Jumia, with its headquarters in Lagos, Nigeria, is present in over 14 African countries, making it the largest eCommerce platform on the continent. It is, however, not surprising that Jumia is launching in another African country — South Africa.
Jumia’s decision to launch during the COVID-19-induced lockdown in South Africa is strategic. The company will try to leverage the current surge in the demand for essential items (groceries, food, etc.) to its advantage.
Jumia has now launched its portal (www.Jumia.co.za) in South Africa and will offer essential items (food, groceries, medicine), to its customers in the country during the lockdown period.
According to Jumia, it has joined forces with consumer food companies like Dettol, Harpic (Reckitt Benckiser), Pampers, Always, Arie & Gillette (Procter & Gamble), among other brands, to provide essential services to South Africans.
Jumia also says it will leverage Zando’s infrastructure to contribute to making essential products accessible and affordable to all consumers in South Africa.
Founded in 2012, Zando is Jumia’s online fashion shopping platform in South Africa. The lockdown has however forced Zando to temporarily suspend its normal operations.
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Do They Stand a Chance
Just last year, Jumia abruptly shut its market place business in Cameroon, and a few weeks after that, it did the same to its market in Tanzania.
Although Jumia cited the need to focus its resources on other markets as part of an ongoing portfolio optimization effort, the decision to shut down in these markets is an indication of the difficulties of operating an eCommerce company in Africa.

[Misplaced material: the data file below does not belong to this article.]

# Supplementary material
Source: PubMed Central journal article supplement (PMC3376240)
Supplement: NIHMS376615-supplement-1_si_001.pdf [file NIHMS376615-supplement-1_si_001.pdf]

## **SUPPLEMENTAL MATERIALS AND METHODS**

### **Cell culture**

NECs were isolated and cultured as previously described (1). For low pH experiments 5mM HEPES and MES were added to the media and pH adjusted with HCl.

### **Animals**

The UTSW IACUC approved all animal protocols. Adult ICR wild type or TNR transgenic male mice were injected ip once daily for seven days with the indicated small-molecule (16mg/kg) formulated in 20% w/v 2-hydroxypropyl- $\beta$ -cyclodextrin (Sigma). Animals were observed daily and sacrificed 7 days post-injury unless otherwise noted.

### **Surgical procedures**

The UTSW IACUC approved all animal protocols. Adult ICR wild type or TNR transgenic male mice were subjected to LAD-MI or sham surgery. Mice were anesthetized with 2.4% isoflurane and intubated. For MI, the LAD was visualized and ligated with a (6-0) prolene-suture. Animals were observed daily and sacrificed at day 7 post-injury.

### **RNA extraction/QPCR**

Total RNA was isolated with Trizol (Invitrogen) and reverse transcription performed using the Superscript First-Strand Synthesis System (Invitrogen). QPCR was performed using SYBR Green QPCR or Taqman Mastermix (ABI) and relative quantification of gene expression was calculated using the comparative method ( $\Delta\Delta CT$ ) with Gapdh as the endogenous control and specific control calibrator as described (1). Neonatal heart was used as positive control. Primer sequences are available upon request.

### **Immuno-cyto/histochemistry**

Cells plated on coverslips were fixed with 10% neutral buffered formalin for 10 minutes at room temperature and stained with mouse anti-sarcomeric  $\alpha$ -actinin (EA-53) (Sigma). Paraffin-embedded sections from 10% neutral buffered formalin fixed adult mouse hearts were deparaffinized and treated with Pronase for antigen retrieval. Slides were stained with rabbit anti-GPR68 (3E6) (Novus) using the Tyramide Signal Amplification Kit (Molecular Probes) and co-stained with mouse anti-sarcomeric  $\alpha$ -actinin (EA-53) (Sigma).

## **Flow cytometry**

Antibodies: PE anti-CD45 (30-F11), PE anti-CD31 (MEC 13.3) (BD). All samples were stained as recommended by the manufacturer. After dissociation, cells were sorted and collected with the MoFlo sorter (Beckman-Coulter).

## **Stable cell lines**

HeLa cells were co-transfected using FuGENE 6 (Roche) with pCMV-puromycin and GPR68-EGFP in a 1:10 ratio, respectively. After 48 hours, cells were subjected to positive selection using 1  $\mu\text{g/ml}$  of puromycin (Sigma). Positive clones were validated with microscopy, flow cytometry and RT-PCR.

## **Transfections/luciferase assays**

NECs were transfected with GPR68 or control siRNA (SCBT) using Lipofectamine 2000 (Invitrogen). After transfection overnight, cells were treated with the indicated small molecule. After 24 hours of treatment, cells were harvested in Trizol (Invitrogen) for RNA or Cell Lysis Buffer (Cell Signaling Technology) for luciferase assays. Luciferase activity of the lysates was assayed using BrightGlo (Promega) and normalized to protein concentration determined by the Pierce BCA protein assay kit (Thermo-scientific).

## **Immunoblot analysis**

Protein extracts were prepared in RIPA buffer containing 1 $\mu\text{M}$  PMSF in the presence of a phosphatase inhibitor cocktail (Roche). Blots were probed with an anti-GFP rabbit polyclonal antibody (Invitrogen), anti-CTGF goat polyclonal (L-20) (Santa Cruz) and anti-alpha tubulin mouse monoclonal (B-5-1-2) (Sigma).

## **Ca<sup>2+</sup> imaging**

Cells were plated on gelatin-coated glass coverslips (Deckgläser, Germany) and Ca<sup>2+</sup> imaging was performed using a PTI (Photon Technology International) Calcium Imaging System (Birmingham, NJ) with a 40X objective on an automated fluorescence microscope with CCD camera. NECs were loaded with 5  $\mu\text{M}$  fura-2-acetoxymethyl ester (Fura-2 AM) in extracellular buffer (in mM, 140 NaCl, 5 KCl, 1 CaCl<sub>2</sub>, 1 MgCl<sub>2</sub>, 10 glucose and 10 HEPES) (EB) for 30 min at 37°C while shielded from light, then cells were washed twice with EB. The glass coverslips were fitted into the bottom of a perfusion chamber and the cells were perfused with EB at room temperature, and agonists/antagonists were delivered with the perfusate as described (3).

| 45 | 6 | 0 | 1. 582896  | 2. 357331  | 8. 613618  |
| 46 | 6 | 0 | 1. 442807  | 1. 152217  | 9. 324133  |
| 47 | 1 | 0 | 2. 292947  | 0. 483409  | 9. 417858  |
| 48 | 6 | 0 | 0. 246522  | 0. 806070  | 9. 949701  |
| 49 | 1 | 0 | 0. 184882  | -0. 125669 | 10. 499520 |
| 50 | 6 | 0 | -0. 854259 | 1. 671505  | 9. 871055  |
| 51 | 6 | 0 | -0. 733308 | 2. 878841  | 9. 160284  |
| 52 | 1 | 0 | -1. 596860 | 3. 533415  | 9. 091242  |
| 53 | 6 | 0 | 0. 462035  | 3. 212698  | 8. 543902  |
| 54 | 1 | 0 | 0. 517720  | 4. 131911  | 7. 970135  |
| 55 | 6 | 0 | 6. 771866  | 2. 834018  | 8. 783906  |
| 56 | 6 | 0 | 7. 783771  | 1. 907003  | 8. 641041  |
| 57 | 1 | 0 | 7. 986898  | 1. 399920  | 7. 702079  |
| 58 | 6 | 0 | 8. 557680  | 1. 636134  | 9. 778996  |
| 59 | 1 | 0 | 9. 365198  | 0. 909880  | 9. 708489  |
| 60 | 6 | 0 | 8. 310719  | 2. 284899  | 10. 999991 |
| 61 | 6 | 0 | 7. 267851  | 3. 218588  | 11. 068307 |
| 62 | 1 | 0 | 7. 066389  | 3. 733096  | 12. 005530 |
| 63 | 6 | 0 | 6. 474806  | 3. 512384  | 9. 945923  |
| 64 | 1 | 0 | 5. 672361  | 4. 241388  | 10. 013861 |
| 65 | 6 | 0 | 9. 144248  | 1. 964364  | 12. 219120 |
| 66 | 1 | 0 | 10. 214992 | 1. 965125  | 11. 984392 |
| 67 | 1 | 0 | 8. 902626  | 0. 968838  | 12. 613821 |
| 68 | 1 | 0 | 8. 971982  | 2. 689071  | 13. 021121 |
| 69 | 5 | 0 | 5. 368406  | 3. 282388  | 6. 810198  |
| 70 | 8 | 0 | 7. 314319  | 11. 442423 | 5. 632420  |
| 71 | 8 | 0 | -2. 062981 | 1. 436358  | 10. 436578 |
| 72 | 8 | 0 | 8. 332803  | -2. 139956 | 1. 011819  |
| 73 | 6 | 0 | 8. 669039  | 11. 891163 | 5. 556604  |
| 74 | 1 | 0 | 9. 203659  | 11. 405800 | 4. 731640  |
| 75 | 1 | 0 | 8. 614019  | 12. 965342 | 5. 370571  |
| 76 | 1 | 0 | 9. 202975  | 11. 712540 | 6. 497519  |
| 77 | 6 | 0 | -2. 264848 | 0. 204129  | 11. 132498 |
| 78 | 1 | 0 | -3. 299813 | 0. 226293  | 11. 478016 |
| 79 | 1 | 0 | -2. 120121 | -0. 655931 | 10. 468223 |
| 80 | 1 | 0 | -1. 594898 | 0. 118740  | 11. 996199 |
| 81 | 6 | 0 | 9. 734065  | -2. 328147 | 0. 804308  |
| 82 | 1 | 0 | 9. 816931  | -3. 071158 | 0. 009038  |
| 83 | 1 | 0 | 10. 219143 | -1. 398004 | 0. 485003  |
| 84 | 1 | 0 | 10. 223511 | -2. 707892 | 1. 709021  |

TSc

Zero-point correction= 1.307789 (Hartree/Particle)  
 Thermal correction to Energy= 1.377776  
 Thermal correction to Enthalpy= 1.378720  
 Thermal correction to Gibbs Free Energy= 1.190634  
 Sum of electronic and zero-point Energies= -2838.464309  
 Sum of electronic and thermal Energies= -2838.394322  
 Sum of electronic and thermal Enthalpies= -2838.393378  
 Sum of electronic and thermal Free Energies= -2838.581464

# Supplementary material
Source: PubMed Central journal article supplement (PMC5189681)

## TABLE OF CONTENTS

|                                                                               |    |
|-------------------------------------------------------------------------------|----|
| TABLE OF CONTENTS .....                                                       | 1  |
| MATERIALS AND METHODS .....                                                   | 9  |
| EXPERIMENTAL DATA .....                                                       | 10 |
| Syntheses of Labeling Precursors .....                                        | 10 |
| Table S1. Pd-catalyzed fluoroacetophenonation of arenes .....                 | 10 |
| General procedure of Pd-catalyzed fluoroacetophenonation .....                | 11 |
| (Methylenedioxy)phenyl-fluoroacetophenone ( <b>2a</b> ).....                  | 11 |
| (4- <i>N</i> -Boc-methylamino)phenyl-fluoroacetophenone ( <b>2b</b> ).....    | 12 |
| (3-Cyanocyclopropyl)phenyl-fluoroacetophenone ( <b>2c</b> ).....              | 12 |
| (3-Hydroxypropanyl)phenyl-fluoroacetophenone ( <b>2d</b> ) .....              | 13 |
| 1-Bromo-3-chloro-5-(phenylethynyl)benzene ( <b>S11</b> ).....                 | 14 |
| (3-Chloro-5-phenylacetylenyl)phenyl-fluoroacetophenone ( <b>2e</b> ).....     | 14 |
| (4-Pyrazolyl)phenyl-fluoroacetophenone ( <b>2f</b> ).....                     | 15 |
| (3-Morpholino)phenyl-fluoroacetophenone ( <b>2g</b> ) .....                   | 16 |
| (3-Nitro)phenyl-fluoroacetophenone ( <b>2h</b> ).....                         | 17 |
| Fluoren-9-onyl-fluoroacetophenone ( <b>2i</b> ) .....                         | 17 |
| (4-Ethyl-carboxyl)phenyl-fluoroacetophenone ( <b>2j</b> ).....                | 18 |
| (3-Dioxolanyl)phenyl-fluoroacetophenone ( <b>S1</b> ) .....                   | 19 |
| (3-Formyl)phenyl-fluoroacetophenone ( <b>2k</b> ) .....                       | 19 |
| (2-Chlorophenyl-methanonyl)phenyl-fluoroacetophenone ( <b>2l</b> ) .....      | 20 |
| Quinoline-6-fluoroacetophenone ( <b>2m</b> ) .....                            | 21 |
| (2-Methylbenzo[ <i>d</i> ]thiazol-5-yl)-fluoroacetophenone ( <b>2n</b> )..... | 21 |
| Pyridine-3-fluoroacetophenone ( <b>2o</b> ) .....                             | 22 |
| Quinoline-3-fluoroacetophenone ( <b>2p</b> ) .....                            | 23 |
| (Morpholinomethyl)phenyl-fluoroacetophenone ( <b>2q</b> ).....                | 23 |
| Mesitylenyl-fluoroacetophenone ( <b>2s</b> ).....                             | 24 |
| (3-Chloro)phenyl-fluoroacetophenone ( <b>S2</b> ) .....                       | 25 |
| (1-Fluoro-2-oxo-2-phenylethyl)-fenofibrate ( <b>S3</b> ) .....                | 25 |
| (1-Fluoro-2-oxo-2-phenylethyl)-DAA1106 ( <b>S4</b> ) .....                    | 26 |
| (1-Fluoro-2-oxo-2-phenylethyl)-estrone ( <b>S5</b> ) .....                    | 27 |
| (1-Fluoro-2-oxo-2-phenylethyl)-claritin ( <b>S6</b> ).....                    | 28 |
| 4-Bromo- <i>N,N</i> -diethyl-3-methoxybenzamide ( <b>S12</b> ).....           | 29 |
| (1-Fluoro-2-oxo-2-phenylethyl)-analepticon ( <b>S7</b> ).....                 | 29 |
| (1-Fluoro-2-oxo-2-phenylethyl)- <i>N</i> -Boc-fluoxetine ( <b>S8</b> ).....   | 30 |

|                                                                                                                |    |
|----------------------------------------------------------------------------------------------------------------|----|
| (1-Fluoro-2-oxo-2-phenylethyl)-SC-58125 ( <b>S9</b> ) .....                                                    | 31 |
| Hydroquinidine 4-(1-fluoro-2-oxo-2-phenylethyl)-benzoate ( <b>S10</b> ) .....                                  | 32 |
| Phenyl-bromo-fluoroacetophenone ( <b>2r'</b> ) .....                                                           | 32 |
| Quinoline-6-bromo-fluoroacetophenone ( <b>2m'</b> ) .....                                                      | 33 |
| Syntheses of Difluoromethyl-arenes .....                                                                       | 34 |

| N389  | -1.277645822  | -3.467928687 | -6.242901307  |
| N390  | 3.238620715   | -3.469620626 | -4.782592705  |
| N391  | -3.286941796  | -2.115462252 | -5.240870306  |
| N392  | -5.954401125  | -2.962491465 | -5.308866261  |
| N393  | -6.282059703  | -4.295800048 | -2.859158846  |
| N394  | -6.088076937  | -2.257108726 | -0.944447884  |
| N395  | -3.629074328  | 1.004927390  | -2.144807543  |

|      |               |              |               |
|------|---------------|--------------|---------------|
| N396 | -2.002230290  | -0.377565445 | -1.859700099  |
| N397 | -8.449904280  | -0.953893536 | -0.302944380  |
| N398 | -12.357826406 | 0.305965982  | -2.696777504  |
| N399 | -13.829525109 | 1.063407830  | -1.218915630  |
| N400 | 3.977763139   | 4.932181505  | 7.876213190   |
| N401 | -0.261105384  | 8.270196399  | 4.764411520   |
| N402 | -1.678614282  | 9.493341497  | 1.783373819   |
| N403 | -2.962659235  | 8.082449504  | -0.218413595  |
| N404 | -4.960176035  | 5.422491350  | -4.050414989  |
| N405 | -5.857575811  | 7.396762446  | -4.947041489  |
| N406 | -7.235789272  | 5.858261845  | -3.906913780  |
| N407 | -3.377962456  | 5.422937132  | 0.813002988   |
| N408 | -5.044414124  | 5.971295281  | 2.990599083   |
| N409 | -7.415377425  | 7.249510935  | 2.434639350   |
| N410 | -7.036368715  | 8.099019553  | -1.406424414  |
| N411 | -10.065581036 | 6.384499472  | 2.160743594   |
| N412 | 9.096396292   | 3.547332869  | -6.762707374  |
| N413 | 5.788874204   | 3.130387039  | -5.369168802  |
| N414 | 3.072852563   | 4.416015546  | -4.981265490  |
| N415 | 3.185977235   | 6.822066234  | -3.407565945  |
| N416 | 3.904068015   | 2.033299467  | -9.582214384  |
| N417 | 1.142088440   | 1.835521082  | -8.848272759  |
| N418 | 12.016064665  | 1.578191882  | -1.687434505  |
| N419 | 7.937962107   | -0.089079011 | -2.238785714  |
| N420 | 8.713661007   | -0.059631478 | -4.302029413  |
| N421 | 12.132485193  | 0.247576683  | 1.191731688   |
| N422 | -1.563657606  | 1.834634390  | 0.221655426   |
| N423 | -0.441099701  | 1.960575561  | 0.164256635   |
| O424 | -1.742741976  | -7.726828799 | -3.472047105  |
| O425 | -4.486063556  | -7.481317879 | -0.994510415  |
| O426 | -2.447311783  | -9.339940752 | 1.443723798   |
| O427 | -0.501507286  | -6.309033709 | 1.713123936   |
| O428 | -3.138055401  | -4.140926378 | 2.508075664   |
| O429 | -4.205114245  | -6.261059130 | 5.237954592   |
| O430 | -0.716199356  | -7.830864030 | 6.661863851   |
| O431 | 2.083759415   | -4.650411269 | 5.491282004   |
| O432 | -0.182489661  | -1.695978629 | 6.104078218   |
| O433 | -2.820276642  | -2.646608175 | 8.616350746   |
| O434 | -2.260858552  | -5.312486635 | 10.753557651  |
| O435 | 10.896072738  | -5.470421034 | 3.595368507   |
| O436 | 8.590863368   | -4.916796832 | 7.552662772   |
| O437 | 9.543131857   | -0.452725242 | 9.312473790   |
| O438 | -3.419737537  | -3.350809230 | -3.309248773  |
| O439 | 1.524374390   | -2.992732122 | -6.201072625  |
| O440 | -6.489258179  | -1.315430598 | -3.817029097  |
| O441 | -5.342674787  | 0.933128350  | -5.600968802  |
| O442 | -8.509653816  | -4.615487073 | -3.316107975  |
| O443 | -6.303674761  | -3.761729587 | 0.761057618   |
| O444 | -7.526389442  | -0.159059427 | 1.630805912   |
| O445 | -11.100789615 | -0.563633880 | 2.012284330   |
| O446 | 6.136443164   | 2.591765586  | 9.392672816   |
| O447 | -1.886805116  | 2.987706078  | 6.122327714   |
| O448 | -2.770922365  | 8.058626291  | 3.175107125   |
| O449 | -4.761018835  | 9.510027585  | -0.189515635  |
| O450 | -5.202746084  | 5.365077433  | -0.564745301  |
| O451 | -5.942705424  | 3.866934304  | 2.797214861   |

Since Jumia opened for business in 2012, it has racked up over $1 billion in losses, and it is also no longer a Unicorn.
Launching its platform in South Africa means it has to compete with already established eCommerce platforms like Takealot.com for market share.
Takealot.com is the country’s largest online retailer. It has over 2500 third-party retailers at the moment, and over 1.8million active shoppers.
However, even though Jumia has shut down operations in a few markets (largely because of the market size) in recent times, it has done really well in larger markets – Nigeria, Egypt, and Kenya.
Technically, Jumia has been present in South Africa for a while now. Its online fashion store, Zando (the largest online fashion store in South Africa) has been largely successful.
So, going in, Jumia will leverage on Zando’s large customer base and existing infrastructure. We might even see a merger of both platforms (Zando and Jumia South Africa) at some point.
Also, Jumia’s financial war chest, its wealth of experience in the eCommerce space will be very instrumental in helping Jumia gain market share and compete favorably in South Africa.
With all these said, we are confident that Jumia will do well in the eCommerce space in South Africa. It will be shocking to see Jumia struggle in South Africa or even shut down at some point.
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While we can only wait to see if they do well or not, what do you think about Jumia’s expansion to South Africa? Is Jumia’s entry into South Africa too little too late? Also, what entry strategy do you think Jumia should adopt? Do share your thoughts with us in the comment section.